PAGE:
November 30, 2020
As 2020 comes to a close many are reflecting on how a lot did not quite go according to plan. With ten years to achieve the UN Sustainable development goals, as well as many national commitments related to biodiversity and climate change, 2020 was supposed to kick off many global and national initiatives, as discussed in our Earth Day blog post. In the environmental sector as with most others, many key international meetings were cancelled or postponed.
The Convention on Biological Diversity (CBD) annual conference of the parties, which was supposed to take place in October in China, has been moved to May 2021. In the lead up to this meeting, there will be specific attention to country commitments, and action plans to achieve ambitious targets. Canada is one of several countries that has already committed to conserve 30% of land and sea by 2030. Collectively, these countries are encouraging other nations to make similar commitments, resulting in a global goal of 30% by 2030.
The COVID-19 pandemic has highlighted the interconnectedness between humans and nature, and the risks we face when ignoring these connections. Similarly, we cannot discuss large scale conservation without considering the tightly connected relationship to climate change. Conserving intact landscapes and restoring degraded ones to improve species habitat can also meaningfully contribute to climate mitigation (e.g. via nature-based carbon sequestration, maintaining soil carbon stores) and adaptation (e.g. reducing flood risk, supporting water quality and availability).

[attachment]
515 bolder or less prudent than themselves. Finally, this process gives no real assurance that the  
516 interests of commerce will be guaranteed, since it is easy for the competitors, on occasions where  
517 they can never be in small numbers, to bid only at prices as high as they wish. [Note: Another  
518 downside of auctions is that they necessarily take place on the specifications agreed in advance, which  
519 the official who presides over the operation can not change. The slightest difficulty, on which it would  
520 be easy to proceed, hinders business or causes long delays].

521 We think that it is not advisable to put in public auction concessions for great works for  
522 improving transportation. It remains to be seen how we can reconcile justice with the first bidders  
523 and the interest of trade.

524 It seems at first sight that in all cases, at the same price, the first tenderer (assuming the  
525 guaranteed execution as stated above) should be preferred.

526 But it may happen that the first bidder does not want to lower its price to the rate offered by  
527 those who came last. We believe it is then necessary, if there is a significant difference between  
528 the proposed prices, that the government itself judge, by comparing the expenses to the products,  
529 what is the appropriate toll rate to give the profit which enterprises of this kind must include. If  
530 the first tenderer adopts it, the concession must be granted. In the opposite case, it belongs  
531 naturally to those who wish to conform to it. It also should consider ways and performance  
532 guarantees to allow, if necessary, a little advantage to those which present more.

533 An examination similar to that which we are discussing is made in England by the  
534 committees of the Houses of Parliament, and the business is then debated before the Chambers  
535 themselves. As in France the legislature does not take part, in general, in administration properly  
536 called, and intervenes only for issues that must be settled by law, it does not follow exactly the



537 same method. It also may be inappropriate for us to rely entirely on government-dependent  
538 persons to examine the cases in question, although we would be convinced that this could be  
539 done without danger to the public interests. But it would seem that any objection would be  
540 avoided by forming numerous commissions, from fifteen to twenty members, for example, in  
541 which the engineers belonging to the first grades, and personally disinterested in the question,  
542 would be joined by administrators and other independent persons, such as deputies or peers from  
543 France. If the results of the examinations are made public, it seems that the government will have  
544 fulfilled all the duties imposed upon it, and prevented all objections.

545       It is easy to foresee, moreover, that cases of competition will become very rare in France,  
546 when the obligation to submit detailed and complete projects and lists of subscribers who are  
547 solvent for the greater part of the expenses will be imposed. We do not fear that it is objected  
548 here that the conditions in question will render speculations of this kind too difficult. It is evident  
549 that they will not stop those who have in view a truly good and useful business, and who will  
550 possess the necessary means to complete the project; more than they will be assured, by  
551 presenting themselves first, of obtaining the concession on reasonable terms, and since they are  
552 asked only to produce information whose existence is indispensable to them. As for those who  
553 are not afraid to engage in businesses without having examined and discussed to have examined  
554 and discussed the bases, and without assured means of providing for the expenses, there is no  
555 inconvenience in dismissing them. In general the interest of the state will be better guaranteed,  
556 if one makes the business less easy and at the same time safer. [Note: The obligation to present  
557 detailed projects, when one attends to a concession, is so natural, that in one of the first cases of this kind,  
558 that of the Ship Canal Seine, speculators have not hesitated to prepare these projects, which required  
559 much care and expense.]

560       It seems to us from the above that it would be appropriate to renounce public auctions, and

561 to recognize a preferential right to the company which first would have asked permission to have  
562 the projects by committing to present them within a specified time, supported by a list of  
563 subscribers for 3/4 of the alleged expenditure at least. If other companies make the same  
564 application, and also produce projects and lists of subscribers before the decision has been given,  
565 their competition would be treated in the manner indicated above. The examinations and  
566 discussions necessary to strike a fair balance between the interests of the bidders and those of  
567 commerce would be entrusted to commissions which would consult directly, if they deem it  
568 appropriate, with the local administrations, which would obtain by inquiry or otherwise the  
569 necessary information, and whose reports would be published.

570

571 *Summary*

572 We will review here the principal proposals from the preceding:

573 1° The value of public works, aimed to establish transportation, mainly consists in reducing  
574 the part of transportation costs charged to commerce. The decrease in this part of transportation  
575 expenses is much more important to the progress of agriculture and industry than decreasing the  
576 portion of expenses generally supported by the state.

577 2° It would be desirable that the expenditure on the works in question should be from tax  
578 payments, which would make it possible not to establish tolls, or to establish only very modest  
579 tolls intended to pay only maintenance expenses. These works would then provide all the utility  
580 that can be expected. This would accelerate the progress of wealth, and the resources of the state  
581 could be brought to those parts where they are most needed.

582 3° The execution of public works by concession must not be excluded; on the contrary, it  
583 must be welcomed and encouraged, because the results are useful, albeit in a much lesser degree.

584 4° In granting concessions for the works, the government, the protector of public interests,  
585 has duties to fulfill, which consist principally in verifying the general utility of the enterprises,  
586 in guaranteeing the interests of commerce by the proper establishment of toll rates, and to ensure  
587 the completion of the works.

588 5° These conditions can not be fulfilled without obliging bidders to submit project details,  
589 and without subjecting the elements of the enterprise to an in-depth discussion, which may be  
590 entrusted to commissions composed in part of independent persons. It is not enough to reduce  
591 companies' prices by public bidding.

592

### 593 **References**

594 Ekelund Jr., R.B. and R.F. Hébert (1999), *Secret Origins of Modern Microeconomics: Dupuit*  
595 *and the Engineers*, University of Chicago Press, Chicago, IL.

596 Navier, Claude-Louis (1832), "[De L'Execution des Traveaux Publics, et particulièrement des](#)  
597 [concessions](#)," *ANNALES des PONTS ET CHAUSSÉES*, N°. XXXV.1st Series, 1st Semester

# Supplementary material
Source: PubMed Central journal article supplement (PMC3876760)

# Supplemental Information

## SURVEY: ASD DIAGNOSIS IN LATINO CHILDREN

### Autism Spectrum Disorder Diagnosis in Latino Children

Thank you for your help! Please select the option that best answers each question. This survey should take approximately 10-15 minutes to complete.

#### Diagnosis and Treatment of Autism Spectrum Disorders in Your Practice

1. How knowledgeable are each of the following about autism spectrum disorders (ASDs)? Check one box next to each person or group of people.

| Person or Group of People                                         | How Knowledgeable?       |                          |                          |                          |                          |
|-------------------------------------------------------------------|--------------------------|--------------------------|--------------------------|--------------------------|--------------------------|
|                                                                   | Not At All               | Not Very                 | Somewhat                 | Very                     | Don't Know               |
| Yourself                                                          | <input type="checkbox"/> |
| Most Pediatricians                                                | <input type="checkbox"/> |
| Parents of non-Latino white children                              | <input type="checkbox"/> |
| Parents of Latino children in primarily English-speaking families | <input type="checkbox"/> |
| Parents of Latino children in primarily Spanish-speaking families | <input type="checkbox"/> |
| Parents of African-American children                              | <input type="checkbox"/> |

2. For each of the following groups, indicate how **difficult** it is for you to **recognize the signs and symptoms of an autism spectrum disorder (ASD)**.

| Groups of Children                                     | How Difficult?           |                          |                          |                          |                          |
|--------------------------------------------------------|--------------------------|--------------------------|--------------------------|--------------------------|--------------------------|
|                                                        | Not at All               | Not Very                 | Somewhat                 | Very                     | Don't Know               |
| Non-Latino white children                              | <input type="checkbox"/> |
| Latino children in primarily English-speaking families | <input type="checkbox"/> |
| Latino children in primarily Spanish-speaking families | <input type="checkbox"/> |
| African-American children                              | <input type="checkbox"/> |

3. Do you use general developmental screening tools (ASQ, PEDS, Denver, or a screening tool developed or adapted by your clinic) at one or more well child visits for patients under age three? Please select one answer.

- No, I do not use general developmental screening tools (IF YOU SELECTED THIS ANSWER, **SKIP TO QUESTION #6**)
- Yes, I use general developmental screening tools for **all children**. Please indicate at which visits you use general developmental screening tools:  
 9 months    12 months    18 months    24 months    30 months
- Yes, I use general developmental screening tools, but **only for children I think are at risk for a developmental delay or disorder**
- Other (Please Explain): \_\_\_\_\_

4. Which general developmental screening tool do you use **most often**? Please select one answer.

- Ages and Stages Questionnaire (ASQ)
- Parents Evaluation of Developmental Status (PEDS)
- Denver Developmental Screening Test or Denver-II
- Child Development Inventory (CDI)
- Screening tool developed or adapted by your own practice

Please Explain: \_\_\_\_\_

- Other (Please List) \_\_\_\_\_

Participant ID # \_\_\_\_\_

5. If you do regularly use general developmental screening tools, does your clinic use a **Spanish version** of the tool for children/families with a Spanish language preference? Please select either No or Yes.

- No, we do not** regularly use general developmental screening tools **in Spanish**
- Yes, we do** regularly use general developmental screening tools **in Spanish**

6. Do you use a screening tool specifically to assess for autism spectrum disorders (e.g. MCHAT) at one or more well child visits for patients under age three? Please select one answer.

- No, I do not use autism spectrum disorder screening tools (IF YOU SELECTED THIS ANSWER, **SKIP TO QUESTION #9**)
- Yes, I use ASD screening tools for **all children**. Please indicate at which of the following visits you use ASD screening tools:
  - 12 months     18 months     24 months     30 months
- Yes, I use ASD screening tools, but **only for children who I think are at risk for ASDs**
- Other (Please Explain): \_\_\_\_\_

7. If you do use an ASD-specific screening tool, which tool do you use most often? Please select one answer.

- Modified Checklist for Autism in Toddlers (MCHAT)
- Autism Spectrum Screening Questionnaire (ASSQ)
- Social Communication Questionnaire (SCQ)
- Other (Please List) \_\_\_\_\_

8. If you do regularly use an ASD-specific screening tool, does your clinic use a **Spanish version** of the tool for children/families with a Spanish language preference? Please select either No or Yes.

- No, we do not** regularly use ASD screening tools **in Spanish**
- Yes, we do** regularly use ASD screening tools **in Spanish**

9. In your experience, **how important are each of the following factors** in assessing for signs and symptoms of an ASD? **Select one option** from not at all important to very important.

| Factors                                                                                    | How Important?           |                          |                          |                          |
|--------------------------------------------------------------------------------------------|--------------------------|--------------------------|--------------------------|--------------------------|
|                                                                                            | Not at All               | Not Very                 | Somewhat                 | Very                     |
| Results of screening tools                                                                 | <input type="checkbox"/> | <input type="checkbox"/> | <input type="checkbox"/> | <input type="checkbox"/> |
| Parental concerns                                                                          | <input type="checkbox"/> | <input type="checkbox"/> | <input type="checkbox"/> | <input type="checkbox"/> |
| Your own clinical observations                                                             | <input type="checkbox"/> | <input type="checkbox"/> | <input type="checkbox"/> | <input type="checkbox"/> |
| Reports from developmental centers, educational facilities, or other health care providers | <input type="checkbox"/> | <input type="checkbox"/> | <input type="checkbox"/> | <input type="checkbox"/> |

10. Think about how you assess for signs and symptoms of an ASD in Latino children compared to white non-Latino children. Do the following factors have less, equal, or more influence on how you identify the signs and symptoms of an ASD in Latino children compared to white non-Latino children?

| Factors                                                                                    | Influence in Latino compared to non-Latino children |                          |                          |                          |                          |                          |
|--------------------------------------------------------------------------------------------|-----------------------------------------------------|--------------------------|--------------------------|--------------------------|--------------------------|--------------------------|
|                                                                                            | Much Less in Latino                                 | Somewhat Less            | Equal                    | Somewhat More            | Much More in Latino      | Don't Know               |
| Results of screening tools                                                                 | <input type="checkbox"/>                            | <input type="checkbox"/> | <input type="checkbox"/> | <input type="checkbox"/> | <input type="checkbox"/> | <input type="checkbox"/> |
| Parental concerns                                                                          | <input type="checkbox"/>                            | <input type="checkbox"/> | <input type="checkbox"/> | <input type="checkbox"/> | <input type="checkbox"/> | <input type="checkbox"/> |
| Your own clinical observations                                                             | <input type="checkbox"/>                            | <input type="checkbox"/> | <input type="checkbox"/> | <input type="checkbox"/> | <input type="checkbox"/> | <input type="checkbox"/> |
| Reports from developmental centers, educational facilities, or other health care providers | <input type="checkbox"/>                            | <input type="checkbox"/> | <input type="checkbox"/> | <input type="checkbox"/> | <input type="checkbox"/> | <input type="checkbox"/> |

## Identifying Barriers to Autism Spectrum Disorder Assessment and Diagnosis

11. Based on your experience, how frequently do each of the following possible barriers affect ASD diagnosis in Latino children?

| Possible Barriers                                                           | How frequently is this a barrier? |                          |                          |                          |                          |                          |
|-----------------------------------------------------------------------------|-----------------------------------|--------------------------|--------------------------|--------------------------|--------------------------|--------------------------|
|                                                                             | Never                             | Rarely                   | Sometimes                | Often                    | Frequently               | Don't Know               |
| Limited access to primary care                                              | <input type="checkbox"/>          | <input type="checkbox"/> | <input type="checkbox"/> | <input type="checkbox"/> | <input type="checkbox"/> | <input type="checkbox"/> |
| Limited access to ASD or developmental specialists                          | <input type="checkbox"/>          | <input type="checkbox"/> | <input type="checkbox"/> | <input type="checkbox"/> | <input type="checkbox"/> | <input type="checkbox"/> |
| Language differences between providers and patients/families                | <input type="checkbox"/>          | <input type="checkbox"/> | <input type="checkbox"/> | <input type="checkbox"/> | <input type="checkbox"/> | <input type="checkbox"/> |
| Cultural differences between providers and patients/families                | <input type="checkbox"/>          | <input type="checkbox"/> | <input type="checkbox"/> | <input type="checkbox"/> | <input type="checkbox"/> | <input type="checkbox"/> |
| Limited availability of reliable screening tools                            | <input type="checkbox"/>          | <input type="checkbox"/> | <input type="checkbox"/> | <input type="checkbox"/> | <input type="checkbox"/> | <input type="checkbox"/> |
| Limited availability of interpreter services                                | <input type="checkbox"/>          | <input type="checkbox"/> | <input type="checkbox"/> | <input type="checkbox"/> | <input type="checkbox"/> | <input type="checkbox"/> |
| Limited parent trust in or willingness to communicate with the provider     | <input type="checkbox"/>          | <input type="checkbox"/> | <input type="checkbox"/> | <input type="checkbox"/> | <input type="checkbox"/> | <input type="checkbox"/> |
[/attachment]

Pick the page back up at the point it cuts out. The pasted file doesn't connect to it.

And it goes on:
Achieving net-zero targets and biodiversity objectives will require both leadership and political commitment, and significant financial support and investment.
The global financing gap to achieve commitments to conserve biodiversity is estimated at $711B, less than the global annual expenditure on soft drinks. While governments provide the majority of direct conservation funding, bridging this gap will require scaling government commitment as well as increased contributions from private sector actors and charitable and philanthropic contributors. Mechanisms to attract funding for conservation, restoration, and other practices that improve climate and biodiversity outcomes -- broadly referred to as "conservation finance" -- have received particular attention recently due to growing interest in nature-based solutions to climate change.
Smart Prosperity is deeply involved in national conversations related to conservation finance, and several research efforts will be emerging in this key moment for nature.
Work in progress includes guidance materials and analysis that address two key barriers identified by our report. Specifically, 1) improving methods and metrics to make the business case for investment, and 2) promoting an enabling policy environment. This work will be rolling out in the new year as:
As part of the global conversation, this Wednesday December 2nd SPI will be participating in an online roundtable “Canada’s Action on Nature-Based Solutions for Climate Adaptation” hosted by Environment and Climate Change Canada, The Global Adaptation Commission, and IISD (register here). Expect to hear more on this and related topics from SPI in the months to come as we seek to support the integration of nature into decision-making across sectors, as a key component of scaling conservation, restoration, and sustainable management of natural resources action on the ground.